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HIGH ACHIEVERS: Ottawa runners contributed to Karla Del Grande winning masters athlete-of-the-decade

HIGH ACHIEVERS: Stay-At-Home Edition
Keeping Local Sport Spirit High During the Pandemic

By Martin Cleary

If ever there was a movie made about Toronto’s Karla Del Grande – who certainly is worthy having recently been named the World Masters Athletics Female Athlete of the Decade – you’ll need to stay to the end and watch the credits.

As the credits roll, you’d likely see the name of one accomplished all-around track athlete from Ottawa, Diane Palmason, and with a little prodding of the producers and directors a second Ottawan, sprinter Wendy Alexis.

Palmason was a key pioneer in women’s masters running for decades before a cardiac pacemaker slowed her to a jog. Alexis has spent the past 10 years chasing, and occasionally defeating, the powerful Del Grande.

In a Question-and-Answer interview with Canadian Running magazine, Del Grande was asked: Who inspires you as an athlete? Del Grande, 68, looked to the past to formulate her answer.

“I am totally inspired and impressed by the older women ahead of me, who had even fewer opportunities than I had, but persevered and showed what women could do long into their 60s and above,” she said.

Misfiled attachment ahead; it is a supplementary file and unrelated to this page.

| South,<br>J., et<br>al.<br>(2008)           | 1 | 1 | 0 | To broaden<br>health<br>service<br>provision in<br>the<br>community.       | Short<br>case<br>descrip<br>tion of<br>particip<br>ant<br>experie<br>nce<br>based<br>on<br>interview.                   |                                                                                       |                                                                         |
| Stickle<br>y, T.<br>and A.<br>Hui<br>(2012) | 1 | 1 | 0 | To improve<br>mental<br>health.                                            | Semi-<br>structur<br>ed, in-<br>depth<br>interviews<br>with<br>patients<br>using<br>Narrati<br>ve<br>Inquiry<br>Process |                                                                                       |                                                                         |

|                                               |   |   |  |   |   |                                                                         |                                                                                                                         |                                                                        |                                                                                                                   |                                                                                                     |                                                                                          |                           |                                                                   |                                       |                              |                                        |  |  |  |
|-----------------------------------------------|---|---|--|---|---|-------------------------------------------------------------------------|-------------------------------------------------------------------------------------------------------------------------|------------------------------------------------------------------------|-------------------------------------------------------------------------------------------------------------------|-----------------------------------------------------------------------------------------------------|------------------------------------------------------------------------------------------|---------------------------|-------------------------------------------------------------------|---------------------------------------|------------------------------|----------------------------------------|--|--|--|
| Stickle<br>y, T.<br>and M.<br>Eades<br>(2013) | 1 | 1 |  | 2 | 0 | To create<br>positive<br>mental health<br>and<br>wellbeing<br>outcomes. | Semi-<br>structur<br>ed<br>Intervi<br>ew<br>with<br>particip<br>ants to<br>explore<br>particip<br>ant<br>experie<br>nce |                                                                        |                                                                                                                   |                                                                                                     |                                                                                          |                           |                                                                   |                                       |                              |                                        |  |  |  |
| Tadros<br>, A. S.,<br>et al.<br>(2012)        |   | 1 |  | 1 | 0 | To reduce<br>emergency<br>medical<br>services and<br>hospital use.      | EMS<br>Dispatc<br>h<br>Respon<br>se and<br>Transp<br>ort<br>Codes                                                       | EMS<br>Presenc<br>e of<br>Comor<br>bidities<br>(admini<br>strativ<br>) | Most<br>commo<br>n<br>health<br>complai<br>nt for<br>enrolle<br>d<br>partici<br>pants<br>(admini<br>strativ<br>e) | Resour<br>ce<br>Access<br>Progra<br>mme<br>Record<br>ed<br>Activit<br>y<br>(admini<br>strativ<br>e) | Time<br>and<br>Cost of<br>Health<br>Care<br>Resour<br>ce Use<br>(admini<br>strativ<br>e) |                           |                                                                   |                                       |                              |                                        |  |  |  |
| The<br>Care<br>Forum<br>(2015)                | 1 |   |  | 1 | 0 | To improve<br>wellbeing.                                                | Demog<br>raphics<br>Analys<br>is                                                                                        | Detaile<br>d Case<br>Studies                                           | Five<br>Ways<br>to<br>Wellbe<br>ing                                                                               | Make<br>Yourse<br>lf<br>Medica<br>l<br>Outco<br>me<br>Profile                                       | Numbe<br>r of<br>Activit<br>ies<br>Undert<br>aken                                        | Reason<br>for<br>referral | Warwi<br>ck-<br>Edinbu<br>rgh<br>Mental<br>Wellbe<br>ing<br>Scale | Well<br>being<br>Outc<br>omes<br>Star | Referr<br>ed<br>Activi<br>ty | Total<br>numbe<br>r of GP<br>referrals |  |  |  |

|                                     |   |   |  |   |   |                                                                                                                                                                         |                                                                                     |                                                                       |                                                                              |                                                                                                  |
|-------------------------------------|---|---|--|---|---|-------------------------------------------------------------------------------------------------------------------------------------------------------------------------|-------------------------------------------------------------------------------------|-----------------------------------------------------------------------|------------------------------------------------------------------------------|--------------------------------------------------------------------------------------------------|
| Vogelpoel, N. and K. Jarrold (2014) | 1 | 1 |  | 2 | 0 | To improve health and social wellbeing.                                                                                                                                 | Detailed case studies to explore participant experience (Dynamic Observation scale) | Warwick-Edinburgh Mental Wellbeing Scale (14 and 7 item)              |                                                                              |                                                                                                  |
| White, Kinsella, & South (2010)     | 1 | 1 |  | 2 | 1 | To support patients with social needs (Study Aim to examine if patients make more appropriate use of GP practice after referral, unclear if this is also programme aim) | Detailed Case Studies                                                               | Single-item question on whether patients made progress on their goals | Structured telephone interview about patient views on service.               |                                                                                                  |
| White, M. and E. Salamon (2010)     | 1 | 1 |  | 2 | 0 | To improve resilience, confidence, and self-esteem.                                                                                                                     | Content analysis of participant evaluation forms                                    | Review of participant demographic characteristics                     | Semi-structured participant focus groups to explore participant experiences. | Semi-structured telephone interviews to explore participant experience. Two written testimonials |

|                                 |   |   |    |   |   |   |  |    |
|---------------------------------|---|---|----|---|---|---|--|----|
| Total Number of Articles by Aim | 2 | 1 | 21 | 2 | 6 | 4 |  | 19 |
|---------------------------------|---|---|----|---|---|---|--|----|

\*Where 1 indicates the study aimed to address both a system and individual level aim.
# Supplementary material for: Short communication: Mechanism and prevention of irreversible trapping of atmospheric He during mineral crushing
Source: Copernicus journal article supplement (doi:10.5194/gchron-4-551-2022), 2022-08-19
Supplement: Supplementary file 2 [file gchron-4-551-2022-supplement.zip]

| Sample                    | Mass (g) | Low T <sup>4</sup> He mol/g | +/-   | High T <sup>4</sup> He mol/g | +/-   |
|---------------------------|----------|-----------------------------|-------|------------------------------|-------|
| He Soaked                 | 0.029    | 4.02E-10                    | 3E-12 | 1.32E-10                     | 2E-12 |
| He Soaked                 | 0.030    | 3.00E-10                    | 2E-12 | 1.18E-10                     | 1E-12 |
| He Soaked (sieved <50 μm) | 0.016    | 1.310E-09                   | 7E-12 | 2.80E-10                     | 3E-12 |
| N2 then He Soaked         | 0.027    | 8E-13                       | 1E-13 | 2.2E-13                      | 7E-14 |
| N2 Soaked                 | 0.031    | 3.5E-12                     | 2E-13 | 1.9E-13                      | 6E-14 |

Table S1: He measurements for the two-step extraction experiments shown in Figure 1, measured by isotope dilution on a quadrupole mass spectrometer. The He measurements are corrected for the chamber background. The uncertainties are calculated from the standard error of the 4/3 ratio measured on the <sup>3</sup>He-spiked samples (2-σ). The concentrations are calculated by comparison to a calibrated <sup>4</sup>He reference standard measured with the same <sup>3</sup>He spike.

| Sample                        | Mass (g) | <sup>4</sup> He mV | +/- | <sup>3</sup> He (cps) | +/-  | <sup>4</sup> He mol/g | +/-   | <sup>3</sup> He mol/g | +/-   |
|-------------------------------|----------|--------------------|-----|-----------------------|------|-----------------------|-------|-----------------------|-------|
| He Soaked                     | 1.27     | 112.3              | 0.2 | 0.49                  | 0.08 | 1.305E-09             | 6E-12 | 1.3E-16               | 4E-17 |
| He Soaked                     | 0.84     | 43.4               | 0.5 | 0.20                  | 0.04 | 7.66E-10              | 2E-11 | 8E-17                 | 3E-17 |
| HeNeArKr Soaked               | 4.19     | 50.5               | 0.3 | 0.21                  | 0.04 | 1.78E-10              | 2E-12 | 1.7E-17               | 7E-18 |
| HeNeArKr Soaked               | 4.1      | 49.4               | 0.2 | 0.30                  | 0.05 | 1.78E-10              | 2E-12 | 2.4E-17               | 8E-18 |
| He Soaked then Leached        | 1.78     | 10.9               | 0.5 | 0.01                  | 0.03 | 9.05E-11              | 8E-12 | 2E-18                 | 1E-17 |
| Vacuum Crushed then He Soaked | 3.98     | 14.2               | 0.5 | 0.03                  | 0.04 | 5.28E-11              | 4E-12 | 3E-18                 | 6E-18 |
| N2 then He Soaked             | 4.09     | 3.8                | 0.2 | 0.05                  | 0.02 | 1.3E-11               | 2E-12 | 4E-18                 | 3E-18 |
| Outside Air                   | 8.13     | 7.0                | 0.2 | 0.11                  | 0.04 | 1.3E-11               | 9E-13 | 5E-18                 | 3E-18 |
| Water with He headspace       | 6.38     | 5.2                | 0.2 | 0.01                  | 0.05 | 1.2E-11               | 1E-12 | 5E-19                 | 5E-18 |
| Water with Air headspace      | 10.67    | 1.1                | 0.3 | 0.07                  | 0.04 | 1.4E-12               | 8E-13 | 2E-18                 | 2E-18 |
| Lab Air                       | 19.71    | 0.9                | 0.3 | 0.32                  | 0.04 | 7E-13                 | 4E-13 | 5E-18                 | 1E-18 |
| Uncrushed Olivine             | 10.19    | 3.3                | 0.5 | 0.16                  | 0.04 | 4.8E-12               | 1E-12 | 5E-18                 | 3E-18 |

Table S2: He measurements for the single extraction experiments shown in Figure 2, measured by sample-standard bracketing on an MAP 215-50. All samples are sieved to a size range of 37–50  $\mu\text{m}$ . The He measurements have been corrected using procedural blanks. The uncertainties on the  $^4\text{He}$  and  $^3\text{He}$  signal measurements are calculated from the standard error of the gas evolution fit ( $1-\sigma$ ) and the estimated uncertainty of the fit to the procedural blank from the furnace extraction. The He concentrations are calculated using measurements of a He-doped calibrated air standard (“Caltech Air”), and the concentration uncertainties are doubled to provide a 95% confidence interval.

“Olga Kotelko and Diane Palmason are two Canadian women who competed in a range of events. Olga did throws, jumps and running into her 90s. Diane has held Canadian records from the 200m to the marathon over a lifetime of running.”

Since 2013, Del Grande has set and still owns nine sprinting world records in the women’s 60-64 and 65-69 age classes – five outdoors over 100, 200 and 400 metres, and four indoors over 60, 200 and 400 metres.


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Alexis, who is two years and two days younger than Del Grande, has witnessed some of those world marks as she developed a warm friendship with her rival at the same time she was trying to better her global-best times.

“Karla always acknowledged those ones who led the way for others,” said Alexis, who added Christa Bourtignon and Carol Lafayette-Boyd to the list with Kotelko and Palmason.

Del Grande was a runner at university before taking a break. When she returned, she joined a running group and was told about masters running. She had never heard of it. A year later, she was sprinting internationally.

Wendy Alexis (left) and Karla Del Grande. Photo: Sherry Sani

“It’s incredible,” Alexis said about Del Grande’s World Masters Athletics Female Athlete of the Decade award. “It’s a testament not just to her excellence, but also to her longevity. This sport is tough on the body. The older you get, the tougher it is.

“She’s an absolute powerhouse. There’s no quit. She’s incredibly strong. Her form is perfect. She trains like a demon. She is very deserving of the award.”

Alexis has had her share of races where she reached the finish line just ahead of Del Grande (they race each other three years in every five-year segment), but what she really wants is one of her world records.